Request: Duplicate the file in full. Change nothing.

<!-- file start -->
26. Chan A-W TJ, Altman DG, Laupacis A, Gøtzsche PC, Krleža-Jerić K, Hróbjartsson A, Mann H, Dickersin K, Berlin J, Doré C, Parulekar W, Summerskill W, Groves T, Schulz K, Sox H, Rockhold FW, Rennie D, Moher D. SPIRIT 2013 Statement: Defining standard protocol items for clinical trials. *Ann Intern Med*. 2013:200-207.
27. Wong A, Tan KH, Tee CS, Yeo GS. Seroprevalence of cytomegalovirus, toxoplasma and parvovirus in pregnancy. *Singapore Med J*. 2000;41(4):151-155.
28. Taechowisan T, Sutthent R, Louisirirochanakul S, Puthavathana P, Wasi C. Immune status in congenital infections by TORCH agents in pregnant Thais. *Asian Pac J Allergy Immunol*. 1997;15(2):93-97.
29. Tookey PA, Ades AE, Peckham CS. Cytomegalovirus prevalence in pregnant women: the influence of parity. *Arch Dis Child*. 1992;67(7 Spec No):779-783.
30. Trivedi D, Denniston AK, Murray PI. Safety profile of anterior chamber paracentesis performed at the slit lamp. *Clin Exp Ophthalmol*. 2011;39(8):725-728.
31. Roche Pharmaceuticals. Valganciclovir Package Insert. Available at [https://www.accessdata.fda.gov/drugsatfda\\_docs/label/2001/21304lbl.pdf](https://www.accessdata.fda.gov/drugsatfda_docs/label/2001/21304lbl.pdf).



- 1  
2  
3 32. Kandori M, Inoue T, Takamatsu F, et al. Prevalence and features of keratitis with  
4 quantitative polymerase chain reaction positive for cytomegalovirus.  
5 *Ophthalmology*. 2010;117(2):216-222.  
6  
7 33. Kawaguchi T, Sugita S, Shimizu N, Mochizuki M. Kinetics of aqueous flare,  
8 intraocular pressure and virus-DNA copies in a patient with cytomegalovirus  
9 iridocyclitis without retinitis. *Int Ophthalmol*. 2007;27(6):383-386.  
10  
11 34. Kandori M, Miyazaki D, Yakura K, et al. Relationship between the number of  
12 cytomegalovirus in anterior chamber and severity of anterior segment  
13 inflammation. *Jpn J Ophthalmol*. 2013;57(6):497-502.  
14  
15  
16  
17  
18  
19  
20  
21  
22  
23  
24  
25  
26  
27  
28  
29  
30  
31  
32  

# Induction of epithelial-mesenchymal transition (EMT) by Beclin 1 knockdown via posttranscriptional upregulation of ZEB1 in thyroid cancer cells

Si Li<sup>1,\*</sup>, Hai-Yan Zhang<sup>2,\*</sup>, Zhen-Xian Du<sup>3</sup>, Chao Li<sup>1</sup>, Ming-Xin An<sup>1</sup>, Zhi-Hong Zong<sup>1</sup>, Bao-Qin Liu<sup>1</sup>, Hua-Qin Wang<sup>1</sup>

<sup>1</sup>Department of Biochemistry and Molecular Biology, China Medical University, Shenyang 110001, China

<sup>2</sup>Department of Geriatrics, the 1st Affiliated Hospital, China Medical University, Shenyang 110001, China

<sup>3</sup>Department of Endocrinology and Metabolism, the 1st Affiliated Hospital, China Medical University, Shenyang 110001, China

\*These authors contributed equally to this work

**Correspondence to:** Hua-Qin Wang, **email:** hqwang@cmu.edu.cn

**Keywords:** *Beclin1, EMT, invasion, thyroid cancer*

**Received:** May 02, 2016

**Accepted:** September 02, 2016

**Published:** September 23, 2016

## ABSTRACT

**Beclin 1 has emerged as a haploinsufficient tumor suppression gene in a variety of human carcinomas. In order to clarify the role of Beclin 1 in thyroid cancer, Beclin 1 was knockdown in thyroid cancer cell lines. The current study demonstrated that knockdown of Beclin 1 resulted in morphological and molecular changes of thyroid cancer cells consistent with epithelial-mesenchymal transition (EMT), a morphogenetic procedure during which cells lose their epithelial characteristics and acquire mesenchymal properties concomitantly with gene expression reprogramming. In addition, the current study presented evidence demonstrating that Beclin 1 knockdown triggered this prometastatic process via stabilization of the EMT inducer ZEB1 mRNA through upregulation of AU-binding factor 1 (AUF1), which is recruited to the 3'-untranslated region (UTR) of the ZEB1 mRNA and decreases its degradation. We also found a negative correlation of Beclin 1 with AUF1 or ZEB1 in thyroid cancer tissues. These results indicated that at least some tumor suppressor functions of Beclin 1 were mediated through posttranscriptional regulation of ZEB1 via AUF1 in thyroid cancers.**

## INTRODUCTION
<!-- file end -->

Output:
26. Chan A-W TJ, Altman DG, Laupacis A, Gøtzsche PC, Krleža-Jerić K, Hróbjartsson A, Mann H, Dickersin K, Berlin J, Doré C, Parulekar W, Summerskill W, Groves T, Schulz K, Sox H, Rockhold FW, Rennie D, Moher D. SPIRIT 2013 Statement: Defining standard protocol items for clinical trials. *Ann Intern Med*. 2013:200-207.
27. Wong A, Tan KH, Tee CS, Yeo GS. Seroprevalence of cytomegalovirus, toxoplasma and parvovirus in pregnancy. *Singapore Med J*. 2000;41(4):151-155.
28. Taechowisan T, Sutthent R, Louisirirochanakul S, Puthavathana P, Wasi C. Immune status in congenital infections by TORCH agents in pregnant Thais. *Asian Pac J Allergy Immunol*. 1997;15(2):93-97.
29. Tookey PA, Ades AE, Peckham CS. Cytomegalovirus prevalence in pregnant women: the influence of parity. *Arch Dis Child*. 1992;67(7 Spec No):779-783.
30. Trivedi D, Denniston AK, Murray PI. Safety profile of anterior chamber paracentesis performed at the slit lamp. *Clin Exp Ophthalmol*. 2011;39(8):725-728.
31. Roche Pharmaceuticals. Valganciclovir Package Insert. Available at [https://www.accessdata.fda.gov/drugsatfda\\_docs/label/2001/21304lbl.pdf](https://www.accessdata.fda.gov/drugsatfda_docs/label/2001/21304lbl.pdf).



- 1  
2  
3 32. Kandori M, Inoue T, Takamatsu F, et al. Prevalence and features of keratitis with  
4 quantitative polymerase chain reaction positive for cytomegalovirus.  
5 *Ophthalmology*. 2010;117(2):216-222.  
6  
7 33. Kawaguchi T, Sugita S, Shimizu N, Mochizuki M. Kinetics of aqueous flare,  
8 intraocular pressure and virus-DNA copies in a patient with cytomegalovirus  
9 iridocyclitis without retinitis. *Int Ophthalmol*. 2007;27(6):383-386.  
10  
11 34. Kandori M, Miyazaki D, Yakura K, et al. Relationship between the number of  
12 cytomegalovirus in anterior chamber and severity of anterior segment  
13 inflammation. *Jpn J Ophthalmol*. 2013;57(6):497-502.  
14  
15  
16  
17  
18  
19  
20  
21  
22  
23  
24  
25  
26  
27  
28  
29  
30  
31  
32  

# Induction of epithelial-mesenchymal transition (EMT) by Beclin 1 knockdown via posttranscriptional upregulation of ZEB1 in thyroid cancer cells

Si Li<sup>1,\*</sup>, Hai-Yan Zhang<sup>2,\*</sup>, Zhen-Xian Du<sup>3</sup>, Chao Li<sup>1</sup>, Ming-Xin An<sup>1</sup>, Zhi-Hong Zong<sup>1</sup>, Bao-Qin Liu<sup>1</sup>, Hua-Qin Wang<sup>1</sup>

<sup>1</sup>Department of Biochemistry and Molecular Biology, China Medical University, Shenyang 110001, China

<sup>2</sup>Department of Geriatrics, the 1st Affiliated Hospital, China Medical University, Shenyang 110001, China

<sup>3</sup>Department of Endocrinology and Metabolism, the 1st Affiliated Hospital, China Medical University, Shenyang 110001, China

\*These authors contributed equally to this work

**Correspondence to:** Hua-Qin Wang, **email:** hqwang@cmu.edu.cn

**Keywords:** *Beclin1, EMT, invasion, thyroid cancer*

**Received:** May 02, 2016

**Accepted:** September 02, 2016

**Published:** September 23, 2016

## ABSTRACT

**Beclin 1 has emerged as a haploinsufficient tumor suppression gene in a variety of human carcinomas. In order to clarify the role of Beclin 1 in thyroid cancer, Beclin 1 was knockdown in thyroid cancer cell lines. The current study demonstrated that knockdown of Beclin 1 resulted in morphological and molecular changes of thyroid cancer cells consistent with epithelial-mesenchymal transition (EMT), a morphogenetic procedure during which cells lose their epithelial characteristics and acquire mesenchymal properties concomitantly with gene expression reprogramming. In addition, the current study presented evidence demonstrating that Beclin 1 knockdown triggered this prometastatic process via stabilization of the EMT inducer ZEB1 mRNA through upregulation of AU-binding factor 1 (AUF1), which is recruited to the 3'-untranslated region (UTR) of the ZEB1 mRNA and decreases its degradation. We also found a negative correlation of Beclin 1 with AUF1 or ZEB1 in thyroid cancer tissues. These results indicated that at least some tumor suppressor functions of Beclin 1 were mediated through posttranscriptional regulation of ZEB1 via AUF1 in thyroid cancers.**

## INTRODUCTION